October 23, 2017

 

A Soldier's Day

 
 
 

Sergeant Kunzi activated the switch on his rifle's night 'scope, and once more traversed -- very slowly -- the area along both sides of the riverbank and the gently undulating scrubby bushveld beyond.

Although communications with FireForce callsign 22 Echo and Sunray Acorn Zero One Zero were good, Kunzi had not used the radio for more than ten hours.

Kunzi knew that although Sunray Acorn would be maintaining a continuous listening watch, his Commander would excuse him for not supplying sit-reps.

Turned off now -- but with the 'panic' button activated -- the radio was concealed next to him beneath a pile of fallen rushes, because Kunzi knew that even if the enemy was not yet close, their eyes and ears would be.

And it was not intuition that told him such caution was demanded.

From their Observation Point, Kunzi and his men had witnessed much unusual movement between the riverbank and Soaripo village the previous afternoon after Zvomeyi had been deployed there, pretending to be the terrorist who had escaped -- wounded -- from the firefight at the base of Matusamadombo Mountain.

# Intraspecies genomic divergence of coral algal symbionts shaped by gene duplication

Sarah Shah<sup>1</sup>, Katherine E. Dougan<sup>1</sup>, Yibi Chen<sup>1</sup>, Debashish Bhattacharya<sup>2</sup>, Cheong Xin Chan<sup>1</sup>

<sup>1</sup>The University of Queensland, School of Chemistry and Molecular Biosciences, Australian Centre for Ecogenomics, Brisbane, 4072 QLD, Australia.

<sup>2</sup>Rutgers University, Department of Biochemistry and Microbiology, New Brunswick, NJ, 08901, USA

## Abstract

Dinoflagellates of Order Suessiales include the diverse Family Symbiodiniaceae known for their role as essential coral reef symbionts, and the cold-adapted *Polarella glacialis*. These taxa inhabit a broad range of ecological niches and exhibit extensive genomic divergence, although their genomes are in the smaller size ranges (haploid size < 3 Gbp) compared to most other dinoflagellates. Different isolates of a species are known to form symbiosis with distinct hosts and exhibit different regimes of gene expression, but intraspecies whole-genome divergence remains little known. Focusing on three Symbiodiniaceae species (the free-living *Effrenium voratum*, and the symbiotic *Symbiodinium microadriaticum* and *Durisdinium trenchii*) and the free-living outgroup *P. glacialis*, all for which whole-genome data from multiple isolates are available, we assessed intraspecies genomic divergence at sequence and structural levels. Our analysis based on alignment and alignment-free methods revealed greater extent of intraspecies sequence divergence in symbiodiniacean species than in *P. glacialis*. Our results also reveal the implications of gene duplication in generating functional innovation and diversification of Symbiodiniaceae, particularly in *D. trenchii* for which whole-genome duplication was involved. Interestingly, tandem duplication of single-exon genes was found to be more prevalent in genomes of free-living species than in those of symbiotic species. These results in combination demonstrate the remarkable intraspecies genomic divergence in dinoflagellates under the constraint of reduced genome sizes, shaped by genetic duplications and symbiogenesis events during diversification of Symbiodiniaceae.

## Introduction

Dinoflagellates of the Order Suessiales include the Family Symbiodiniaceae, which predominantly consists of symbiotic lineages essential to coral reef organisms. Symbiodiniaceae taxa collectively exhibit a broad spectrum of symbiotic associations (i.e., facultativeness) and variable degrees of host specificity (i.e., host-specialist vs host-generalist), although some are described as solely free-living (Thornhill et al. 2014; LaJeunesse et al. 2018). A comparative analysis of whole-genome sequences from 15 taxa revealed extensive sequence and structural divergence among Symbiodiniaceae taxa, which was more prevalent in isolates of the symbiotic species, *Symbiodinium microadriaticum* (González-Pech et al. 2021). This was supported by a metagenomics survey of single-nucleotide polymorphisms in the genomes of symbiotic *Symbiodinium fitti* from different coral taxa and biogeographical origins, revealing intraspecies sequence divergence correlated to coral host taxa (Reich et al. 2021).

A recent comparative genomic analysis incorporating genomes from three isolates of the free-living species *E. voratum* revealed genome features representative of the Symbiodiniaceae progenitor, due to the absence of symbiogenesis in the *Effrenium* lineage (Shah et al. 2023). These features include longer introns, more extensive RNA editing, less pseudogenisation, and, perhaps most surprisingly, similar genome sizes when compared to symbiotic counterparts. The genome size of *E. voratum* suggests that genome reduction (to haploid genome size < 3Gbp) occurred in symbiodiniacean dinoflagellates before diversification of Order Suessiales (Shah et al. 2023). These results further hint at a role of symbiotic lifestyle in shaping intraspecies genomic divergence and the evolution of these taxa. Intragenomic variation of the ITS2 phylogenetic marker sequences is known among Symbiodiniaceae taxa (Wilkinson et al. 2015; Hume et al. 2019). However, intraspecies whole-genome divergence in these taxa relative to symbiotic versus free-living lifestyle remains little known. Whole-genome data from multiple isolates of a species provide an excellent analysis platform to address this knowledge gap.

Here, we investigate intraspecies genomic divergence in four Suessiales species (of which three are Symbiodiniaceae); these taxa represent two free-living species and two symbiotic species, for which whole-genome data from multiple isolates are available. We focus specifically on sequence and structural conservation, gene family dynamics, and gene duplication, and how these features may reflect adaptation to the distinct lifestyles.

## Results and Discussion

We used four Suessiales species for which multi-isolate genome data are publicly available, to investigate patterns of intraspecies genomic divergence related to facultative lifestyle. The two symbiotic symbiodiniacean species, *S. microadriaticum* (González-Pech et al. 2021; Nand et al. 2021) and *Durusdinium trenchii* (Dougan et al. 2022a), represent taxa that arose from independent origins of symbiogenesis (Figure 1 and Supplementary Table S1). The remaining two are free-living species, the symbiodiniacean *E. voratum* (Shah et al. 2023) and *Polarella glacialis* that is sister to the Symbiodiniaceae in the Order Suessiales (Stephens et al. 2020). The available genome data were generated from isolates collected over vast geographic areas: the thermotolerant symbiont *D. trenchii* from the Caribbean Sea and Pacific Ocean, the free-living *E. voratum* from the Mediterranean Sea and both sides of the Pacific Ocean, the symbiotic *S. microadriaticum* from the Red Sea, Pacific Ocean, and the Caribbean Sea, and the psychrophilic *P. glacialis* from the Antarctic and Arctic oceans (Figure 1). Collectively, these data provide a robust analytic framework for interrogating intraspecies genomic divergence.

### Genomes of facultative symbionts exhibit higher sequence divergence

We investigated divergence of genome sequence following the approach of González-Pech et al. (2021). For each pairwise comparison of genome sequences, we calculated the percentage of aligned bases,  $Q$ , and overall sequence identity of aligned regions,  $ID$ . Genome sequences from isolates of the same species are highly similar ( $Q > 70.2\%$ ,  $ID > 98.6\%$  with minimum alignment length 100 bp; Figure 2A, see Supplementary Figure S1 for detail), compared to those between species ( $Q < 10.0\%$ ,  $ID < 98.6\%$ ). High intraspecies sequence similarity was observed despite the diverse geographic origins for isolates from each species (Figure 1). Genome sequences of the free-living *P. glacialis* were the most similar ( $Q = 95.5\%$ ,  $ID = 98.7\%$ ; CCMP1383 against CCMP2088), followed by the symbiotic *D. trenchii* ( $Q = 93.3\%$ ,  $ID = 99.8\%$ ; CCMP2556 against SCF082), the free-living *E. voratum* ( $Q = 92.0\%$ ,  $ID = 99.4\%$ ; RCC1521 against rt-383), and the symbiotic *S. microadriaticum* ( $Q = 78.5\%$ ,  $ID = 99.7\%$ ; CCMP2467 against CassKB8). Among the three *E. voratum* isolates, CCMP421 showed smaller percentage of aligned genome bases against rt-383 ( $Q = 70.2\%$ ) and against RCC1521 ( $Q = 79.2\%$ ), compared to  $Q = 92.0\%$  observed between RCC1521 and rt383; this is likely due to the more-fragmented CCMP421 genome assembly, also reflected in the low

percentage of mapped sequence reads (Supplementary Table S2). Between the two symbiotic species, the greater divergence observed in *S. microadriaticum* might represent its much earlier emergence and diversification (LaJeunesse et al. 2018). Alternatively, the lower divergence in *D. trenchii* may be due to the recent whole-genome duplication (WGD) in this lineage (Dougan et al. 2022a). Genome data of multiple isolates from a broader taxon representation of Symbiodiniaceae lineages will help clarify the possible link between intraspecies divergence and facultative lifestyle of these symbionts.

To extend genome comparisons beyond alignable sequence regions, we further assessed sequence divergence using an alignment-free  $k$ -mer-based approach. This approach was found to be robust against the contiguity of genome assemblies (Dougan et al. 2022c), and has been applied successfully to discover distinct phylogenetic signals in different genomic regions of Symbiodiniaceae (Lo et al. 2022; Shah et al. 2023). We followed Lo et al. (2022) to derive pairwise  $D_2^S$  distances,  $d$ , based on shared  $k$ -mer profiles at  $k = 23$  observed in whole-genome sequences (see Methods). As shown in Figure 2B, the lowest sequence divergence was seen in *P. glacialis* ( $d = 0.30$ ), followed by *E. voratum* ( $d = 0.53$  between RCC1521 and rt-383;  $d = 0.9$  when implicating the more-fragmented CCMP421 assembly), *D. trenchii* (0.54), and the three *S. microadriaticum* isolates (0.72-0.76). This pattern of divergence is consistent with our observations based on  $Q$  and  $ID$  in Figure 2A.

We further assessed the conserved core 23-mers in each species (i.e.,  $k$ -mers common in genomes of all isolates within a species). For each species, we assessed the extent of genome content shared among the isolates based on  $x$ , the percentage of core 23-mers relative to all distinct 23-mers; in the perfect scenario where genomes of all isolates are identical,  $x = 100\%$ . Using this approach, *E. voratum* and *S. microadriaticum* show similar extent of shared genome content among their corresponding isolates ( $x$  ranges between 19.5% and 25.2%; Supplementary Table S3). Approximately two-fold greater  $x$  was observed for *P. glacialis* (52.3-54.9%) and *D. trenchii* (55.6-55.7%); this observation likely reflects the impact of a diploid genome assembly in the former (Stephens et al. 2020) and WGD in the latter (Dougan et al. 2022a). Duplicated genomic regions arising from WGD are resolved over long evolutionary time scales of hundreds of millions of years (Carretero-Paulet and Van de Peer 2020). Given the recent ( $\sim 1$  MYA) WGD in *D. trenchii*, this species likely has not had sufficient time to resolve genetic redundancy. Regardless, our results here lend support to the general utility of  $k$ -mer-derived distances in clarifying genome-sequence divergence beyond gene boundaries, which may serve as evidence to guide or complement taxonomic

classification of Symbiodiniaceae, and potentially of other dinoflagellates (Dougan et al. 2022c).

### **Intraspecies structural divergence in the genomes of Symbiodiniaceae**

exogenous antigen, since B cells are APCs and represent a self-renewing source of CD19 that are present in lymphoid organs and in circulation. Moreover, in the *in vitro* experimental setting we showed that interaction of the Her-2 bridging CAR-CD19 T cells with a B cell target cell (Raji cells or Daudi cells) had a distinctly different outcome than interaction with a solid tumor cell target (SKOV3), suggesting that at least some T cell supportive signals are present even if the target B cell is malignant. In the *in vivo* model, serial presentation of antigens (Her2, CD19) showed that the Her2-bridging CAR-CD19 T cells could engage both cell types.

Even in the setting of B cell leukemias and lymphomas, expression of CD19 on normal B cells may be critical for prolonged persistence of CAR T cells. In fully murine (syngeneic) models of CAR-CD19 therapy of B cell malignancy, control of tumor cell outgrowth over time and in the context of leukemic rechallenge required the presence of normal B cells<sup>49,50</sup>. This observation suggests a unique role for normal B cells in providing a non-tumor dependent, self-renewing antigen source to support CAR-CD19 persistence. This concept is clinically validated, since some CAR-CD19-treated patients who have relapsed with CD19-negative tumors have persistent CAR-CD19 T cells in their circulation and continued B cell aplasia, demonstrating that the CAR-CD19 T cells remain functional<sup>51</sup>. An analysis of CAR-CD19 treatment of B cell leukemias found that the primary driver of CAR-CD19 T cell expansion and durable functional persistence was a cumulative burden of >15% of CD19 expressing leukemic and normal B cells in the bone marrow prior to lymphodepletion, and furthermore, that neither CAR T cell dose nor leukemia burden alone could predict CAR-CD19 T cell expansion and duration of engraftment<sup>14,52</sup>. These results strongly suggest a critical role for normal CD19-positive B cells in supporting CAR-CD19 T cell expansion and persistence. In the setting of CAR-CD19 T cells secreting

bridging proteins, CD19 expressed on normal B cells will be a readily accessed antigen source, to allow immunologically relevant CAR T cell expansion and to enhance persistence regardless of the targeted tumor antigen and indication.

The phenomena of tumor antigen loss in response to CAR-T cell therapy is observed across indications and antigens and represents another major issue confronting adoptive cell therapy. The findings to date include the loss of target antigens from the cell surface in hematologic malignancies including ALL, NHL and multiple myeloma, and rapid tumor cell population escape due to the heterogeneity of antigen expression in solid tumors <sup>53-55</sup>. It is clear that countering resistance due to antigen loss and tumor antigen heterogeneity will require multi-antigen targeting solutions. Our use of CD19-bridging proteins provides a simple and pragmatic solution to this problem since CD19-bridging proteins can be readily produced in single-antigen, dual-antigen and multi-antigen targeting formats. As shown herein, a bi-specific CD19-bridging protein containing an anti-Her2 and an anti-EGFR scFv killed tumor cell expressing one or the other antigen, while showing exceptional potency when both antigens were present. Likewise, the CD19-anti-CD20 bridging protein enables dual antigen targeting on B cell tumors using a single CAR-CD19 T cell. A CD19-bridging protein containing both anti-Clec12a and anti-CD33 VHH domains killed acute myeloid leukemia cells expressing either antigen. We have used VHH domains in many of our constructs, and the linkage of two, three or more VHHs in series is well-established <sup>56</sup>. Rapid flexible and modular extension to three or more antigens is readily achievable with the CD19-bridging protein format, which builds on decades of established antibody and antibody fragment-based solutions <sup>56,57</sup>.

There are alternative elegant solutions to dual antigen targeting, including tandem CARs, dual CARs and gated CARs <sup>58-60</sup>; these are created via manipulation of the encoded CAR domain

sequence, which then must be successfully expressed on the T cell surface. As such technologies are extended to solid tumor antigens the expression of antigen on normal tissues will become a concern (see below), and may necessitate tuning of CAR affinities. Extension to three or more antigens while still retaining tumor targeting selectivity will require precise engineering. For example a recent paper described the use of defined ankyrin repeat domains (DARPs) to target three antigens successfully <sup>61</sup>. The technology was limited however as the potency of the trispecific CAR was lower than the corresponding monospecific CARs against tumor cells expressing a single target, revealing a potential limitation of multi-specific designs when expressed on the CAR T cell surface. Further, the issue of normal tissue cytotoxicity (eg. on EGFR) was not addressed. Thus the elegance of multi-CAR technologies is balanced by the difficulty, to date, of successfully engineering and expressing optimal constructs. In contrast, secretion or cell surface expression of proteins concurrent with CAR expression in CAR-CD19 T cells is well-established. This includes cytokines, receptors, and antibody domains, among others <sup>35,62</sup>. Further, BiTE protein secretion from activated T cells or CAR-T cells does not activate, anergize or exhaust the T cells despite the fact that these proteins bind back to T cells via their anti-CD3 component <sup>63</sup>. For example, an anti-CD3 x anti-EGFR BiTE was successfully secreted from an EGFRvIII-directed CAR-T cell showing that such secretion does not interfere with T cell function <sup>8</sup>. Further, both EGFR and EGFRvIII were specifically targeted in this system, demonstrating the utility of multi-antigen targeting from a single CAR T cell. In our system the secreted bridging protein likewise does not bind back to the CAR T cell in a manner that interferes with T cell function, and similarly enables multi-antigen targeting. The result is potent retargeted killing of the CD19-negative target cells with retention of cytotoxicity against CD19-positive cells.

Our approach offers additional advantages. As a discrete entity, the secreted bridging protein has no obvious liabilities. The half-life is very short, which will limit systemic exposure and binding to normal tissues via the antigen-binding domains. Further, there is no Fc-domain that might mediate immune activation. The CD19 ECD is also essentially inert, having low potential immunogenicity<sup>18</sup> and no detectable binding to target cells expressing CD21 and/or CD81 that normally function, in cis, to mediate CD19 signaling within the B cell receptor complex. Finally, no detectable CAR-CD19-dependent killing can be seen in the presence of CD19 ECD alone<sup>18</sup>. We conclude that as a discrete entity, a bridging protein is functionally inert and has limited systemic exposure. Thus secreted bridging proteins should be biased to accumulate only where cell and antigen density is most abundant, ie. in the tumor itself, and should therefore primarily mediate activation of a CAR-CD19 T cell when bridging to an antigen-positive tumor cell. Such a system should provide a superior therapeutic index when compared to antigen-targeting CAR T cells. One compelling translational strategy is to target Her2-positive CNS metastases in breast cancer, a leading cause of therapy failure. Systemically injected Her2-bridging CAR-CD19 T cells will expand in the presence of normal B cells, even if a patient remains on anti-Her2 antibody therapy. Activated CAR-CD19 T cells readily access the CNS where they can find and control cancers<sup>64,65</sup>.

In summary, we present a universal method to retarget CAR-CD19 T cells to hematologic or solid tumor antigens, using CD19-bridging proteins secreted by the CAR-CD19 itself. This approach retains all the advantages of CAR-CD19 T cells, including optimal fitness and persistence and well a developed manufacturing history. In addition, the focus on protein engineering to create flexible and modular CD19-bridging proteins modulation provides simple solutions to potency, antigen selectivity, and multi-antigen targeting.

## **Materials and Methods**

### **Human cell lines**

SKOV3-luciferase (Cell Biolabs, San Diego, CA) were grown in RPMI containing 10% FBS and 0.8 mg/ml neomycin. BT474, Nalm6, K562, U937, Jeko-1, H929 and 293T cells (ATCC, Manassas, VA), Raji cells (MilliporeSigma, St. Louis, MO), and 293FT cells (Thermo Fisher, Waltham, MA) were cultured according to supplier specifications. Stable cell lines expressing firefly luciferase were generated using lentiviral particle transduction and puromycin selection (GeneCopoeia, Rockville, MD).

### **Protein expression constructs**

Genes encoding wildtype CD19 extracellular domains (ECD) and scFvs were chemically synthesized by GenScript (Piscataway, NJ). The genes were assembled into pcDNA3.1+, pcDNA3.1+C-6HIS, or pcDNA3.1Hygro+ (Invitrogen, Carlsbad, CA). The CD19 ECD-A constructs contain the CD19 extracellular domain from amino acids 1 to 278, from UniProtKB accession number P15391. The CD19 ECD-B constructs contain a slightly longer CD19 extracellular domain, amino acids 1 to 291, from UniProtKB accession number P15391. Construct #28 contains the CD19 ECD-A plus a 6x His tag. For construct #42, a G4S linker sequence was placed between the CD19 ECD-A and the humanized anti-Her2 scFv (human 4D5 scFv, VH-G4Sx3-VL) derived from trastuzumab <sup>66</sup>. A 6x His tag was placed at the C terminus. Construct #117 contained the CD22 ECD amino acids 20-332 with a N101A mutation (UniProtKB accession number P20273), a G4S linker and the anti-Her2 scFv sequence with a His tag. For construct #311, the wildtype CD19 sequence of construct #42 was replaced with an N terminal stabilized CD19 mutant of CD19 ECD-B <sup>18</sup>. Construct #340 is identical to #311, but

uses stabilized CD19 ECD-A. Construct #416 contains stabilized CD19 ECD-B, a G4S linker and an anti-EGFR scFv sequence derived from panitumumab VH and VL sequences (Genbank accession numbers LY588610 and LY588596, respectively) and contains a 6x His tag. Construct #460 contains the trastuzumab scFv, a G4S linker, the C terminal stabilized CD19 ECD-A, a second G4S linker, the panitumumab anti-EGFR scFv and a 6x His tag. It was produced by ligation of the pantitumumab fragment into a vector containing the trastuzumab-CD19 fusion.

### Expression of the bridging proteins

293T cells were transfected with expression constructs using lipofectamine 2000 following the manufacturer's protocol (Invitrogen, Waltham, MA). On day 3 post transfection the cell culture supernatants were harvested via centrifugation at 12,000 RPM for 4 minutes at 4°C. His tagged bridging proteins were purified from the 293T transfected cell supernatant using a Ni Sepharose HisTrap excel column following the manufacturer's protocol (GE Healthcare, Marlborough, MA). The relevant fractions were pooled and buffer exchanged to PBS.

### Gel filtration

And earlier that night, when Kunzi had returned from his furtive visit to Zvomeyi's position, he had almost bumped into the old witchdoctor as the man had wandered, apparently aimlessly, towards the river from the direction of Soaripo village. The wizened old man had been carrying a basket filled with some sort of herbs and what appeared -- in the green-grey glow -- to be cloth bandages. Kunzi had dropped silently into cover, and watched the wizard through the Starlight night 'scope.

Kunzi had no doubt that the old n'yanga had been going to visit the 'wounded terrorist', about whom he would undoubtedly have been informed by the young boys Zvomeyi had permitted to 'discover' him.

But the witchdoctor had not attempted to visit his injured comrade in daylight. Instead, he had waited until well after the curfew hour, when he should have been safely in his hut, with all fires extinguished. It had confirmed what Kunzi had already known about the n'yanga of Soaripo Village.